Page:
September 21, 2017
Kathmandu: What began with the handing over of a patch of forest to be utilized and managed by the local villagers of Thokarpa Village in the Sindhupalchowk district in 1973 has now become a world renowned community forestry model.
Community Forests (CF), as stated by the Forest Act 1993, are that part of a national forest which is handed over to the local people, forming a group known as Community Forest User Group (CFUG), for the management and utilization of the forest and its resources provided that they are able and willing to manage it. Now, there are 19,361 CFs in the country with an equal number of CFUGs.
The Community Forest Development Program Guideline 2014-15 clearly states that 35 percent of the total income of the CFUG should be invested in pro-poor targeted programes within the group. The annual income of Nepal’s CFs is over $10 million and the figure continues to increase as the number of CFs being handed to the user groups is also increasing.
The community forestry sector contributes roughly $4 million annually (35 per cent of $10 million) to the pro-poor targeted programs. Though there are accusations that community forestry is under elite domination, the poor are also benefiting considerably. Community forestry has the potential to bring about a number of positive developments; however, this process is impeded by a lack of effective governance and law enforcement.
The Community Forest Development Program Guideline also stipulates that among the two tiers of the organizational structure of CFUG, i.e. General Assembly (GA) and Executive Committee (EC), either the chairperson or the secretary must be a woman. In order for the group to establish and maintain a bank account, there must be a joint signature, of which one signature must be a woman’s.
These provisions help empower women and girls, involve them in the decision making process in public life, and provide equal opportunities for leadership which are envisioned in the fifth goal of the SDGs. Similarly, there must be 50 percent women participation in the EC with proportionate representation of Dalits, Janajatis, and indigenous and marginalized people.
This helps to reduce inequalities within the country by achieving inclusive and just societies, and it also ensures inclusive participation in public decision making. There are so many CFUGs that are run solely by women and are reported to perform better than mixed gender CFUGs. The provisions of annual public hearing and internal and public auditing help develop effective, accountable and transparent institutions. This process has worked in the CFUGs case as well.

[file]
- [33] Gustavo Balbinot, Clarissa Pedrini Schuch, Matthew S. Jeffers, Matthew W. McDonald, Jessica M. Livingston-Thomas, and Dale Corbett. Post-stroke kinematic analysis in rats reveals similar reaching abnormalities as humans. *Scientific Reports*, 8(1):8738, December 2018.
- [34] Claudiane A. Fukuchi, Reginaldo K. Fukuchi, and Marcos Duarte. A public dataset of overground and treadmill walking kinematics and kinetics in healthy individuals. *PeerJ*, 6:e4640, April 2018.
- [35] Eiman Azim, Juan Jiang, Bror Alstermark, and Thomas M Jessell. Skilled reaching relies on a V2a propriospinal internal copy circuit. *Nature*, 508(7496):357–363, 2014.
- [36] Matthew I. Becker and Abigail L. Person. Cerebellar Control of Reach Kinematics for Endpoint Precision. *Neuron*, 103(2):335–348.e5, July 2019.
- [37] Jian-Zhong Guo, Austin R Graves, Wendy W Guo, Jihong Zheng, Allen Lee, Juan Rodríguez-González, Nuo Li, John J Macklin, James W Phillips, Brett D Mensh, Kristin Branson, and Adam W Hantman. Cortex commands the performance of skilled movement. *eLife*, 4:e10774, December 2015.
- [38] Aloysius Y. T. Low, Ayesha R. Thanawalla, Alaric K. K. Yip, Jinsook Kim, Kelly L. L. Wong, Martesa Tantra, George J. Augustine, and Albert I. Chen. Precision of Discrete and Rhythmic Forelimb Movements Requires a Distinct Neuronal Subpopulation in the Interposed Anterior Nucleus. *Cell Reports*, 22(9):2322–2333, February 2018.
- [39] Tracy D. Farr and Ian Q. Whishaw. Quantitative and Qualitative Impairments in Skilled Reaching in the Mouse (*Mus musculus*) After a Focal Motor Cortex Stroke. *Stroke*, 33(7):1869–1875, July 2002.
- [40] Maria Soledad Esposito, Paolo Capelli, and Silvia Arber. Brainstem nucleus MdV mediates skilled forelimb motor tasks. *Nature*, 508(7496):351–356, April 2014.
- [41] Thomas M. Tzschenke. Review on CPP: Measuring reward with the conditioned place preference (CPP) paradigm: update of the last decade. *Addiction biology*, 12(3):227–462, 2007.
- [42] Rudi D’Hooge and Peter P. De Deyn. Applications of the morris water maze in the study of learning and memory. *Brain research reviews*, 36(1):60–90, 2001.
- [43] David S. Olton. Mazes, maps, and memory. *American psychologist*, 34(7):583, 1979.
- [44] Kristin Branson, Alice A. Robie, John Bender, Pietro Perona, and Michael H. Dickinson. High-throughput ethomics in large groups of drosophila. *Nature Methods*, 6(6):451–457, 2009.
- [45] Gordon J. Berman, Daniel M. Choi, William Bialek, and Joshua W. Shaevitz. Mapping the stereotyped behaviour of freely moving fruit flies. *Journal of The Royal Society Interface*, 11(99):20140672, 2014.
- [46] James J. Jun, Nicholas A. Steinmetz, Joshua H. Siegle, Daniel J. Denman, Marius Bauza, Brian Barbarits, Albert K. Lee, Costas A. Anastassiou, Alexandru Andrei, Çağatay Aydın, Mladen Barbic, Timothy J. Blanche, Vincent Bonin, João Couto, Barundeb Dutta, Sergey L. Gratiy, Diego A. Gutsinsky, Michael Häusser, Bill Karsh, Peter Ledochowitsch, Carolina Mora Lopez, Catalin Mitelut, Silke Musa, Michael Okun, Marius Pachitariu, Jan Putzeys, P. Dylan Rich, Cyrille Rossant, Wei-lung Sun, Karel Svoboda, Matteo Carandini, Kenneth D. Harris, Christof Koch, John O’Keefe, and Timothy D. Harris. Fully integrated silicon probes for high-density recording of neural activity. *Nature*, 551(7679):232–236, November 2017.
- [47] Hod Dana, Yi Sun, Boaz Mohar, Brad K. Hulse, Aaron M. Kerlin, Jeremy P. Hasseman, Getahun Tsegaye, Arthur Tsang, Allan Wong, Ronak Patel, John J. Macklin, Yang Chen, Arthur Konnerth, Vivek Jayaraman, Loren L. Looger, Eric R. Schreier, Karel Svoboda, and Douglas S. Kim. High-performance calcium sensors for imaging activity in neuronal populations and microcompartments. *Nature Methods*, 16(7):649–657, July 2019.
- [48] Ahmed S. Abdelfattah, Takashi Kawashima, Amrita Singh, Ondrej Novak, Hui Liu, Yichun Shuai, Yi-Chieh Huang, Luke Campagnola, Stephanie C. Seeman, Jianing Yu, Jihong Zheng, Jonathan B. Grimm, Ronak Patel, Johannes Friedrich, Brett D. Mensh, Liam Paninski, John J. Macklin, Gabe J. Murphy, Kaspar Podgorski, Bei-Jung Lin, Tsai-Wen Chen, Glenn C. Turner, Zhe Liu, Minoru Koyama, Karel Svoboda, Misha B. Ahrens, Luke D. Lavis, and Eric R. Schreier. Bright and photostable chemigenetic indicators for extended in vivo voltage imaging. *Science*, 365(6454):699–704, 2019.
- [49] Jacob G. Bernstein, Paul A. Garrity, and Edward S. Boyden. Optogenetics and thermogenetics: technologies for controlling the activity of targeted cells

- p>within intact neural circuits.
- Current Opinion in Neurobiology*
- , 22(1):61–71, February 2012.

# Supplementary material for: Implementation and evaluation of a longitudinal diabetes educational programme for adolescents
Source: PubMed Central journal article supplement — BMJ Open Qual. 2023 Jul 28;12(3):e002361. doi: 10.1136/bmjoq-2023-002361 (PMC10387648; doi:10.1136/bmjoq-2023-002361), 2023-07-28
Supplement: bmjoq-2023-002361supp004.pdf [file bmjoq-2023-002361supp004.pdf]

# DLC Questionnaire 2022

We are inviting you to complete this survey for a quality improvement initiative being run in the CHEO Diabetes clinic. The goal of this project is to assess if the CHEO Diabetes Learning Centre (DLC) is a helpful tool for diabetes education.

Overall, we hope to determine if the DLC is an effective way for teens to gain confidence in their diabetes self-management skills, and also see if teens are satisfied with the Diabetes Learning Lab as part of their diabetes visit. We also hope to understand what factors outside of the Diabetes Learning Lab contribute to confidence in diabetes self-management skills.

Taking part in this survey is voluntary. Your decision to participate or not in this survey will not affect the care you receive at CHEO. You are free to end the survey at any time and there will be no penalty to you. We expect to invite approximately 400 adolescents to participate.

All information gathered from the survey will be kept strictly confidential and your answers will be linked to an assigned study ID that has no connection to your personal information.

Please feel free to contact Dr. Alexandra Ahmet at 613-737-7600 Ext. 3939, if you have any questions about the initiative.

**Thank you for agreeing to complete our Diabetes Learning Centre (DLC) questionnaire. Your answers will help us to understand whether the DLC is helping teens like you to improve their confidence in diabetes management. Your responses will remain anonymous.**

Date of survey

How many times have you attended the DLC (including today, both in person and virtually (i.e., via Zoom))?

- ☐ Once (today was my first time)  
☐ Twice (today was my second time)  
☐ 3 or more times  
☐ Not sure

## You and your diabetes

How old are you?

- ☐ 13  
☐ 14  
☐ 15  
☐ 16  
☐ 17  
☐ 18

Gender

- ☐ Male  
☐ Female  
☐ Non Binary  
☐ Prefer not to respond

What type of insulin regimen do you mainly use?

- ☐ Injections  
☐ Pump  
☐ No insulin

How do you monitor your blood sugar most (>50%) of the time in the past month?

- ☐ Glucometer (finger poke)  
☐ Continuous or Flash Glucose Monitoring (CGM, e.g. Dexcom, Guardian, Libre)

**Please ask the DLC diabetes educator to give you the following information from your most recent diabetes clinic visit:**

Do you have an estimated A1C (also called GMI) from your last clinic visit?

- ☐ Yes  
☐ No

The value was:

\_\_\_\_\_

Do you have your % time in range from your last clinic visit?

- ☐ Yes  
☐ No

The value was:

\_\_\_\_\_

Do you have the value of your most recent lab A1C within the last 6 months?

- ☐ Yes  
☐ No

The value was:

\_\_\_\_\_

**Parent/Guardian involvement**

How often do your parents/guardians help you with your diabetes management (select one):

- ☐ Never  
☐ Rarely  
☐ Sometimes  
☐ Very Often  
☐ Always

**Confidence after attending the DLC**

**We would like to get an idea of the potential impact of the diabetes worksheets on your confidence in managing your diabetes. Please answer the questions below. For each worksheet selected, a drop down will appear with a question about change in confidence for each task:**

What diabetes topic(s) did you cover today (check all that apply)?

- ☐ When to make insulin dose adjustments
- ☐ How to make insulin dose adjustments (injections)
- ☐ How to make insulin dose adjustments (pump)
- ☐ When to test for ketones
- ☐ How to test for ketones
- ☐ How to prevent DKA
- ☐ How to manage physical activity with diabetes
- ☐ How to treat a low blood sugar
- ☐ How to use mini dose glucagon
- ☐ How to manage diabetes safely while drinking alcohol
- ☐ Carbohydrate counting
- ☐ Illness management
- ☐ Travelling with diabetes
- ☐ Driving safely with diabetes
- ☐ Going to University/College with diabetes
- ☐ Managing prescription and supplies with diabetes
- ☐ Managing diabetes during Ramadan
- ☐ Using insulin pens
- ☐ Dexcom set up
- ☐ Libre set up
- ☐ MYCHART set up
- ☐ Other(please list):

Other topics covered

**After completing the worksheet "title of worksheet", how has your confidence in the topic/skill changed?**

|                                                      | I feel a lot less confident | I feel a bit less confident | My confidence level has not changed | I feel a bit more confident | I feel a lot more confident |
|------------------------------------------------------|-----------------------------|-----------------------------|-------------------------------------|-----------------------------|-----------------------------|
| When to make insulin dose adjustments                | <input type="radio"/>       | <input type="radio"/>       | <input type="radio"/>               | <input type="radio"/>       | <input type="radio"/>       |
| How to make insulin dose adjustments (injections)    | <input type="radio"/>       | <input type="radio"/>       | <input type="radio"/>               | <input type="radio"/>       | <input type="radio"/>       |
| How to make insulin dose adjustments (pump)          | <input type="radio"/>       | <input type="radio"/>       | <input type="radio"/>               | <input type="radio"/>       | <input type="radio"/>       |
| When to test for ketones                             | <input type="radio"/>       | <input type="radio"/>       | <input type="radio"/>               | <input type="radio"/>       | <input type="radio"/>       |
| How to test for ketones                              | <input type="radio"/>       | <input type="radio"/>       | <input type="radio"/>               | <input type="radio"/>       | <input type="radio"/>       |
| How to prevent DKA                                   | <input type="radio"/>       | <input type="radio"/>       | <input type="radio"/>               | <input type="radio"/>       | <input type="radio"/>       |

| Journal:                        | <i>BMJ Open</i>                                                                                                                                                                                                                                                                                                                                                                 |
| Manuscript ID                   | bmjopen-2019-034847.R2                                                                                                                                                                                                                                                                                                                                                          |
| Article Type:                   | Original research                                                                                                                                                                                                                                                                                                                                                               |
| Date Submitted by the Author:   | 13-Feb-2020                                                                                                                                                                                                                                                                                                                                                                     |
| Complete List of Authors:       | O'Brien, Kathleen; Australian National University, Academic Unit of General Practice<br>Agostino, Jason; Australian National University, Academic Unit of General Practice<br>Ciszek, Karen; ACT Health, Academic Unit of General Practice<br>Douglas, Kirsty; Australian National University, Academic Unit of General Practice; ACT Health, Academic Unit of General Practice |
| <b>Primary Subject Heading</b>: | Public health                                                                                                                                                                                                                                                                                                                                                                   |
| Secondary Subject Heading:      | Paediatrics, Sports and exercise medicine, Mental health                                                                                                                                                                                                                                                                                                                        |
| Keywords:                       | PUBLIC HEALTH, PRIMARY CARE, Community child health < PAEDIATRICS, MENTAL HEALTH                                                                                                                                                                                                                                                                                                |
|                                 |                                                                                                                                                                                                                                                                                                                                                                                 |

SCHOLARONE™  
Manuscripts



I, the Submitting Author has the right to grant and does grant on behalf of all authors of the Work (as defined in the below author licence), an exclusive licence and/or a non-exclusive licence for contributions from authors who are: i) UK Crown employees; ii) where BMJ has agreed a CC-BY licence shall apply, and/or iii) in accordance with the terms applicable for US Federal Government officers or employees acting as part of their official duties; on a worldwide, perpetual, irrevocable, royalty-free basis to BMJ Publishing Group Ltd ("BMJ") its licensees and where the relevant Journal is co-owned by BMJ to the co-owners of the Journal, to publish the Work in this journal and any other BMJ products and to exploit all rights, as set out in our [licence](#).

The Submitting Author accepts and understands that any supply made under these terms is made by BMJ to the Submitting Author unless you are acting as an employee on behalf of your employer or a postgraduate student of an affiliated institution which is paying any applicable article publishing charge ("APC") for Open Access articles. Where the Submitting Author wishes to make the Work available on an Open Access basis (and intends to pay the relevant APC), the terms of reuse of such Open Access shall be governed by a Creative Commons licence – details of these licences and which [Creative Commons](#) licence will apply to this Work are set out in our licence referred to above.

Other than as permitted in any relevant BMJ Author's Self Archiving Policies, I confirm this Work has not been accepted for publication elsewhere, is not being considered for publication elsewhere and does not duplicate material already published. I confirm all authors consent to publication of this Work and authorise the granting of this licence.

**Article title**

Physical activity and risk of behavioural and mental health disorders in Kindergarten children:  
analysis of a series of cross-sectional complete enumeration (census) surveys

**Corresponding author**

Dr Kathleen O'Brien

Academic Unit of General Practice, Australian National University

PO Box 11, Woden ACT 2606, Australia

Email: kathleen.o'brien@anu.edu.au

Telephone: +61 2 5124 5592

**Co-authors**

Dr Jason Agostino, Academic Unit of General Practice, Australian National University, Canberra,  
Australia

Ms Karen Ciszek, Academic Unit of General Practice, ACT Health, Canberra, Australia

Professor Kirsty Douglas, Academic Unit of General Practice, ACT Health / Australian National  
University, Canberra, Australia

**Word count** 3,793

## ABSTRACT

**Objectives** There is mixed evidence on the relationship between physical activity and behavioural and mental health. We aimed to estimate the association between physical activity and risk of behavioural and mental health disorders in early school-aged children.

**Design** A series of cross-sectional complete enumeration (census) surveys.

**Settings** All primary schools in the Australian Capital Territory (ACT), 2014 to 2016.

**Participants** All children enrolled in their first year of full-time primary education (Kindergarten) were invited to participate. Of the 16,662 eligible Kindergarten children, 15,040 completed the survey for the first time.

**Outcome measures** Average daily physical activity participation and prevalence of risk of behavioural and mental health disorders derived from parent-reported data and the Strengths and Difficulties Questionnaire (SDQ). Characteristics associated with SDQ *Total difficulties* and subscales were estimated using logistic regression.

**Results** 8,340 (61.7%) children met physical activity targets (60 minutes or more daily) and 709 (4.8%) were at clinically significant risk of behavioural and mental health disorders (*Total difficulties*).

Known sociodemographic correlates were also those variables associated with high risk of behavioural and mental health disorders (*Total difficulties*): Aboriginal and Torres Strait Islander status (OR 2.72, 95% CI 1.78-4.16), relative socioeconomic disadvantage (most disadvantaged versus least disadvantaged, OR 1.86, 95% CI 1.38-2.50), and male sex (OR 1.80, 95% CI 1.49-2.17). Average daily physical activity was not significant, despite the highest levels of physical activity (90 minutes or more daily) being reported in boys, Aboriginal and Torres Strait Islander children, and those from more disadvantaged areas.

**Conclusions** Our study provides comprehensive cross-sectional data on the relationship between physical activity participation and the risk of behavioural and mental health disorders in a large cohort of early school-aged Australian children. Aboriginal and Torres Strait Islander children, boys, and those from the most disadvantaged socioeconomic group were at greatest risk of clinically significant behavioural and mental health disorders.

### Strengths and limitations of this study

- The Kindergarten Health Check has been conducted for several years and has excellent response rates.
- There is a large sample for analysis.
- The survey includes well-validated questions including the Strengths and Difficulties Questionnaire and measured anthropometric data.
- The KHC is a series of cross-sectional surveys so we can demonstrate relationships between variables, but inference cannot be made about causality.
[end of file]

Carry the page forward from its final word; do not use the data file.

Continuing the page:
It is deemed mandatory for 25 percent of the income from the CF to be spent on forest management, development and protection activities. This aims to minimize adverse effects of climate change, combat desertification, halt and reverse desertification, and halt biodiversity loss.
The CFUGs have been involved in numerous other activities like providing scholarships for deserving students from their groups, constructing gobar-gas (biogas made from cow dung) plants, constructing and/or maintaining physical infrastructures like roads, schools, hospital buildings and toilets to name a few. These activities all help to accomplish targets in one way or the other
However, it is neither the provisions nor the goals themselves that make a difference. The UN itself states that the SDGs are not stand-alone goals, and neither were the MDGs. So it cannot be explicitly stated that a particular sector/activity helps achieve one specific goal achievement (or underachievement) of one goal has considerable impacts on the achievement of other goals too.
So, either directly or indirectly, the forestry sector, and community forestry in particular greatly impacts the achievement of global goals. Another positive point of CFGUs is that they are not run by politicians, but by local people who work for their own personal advancement. This increases the likelihood that guidelines will be adhered
Budget allocation for the forestry sector has to increase and more work should be done to achieve greater and more sustainable benefits.
Source: The Kathmandu Post.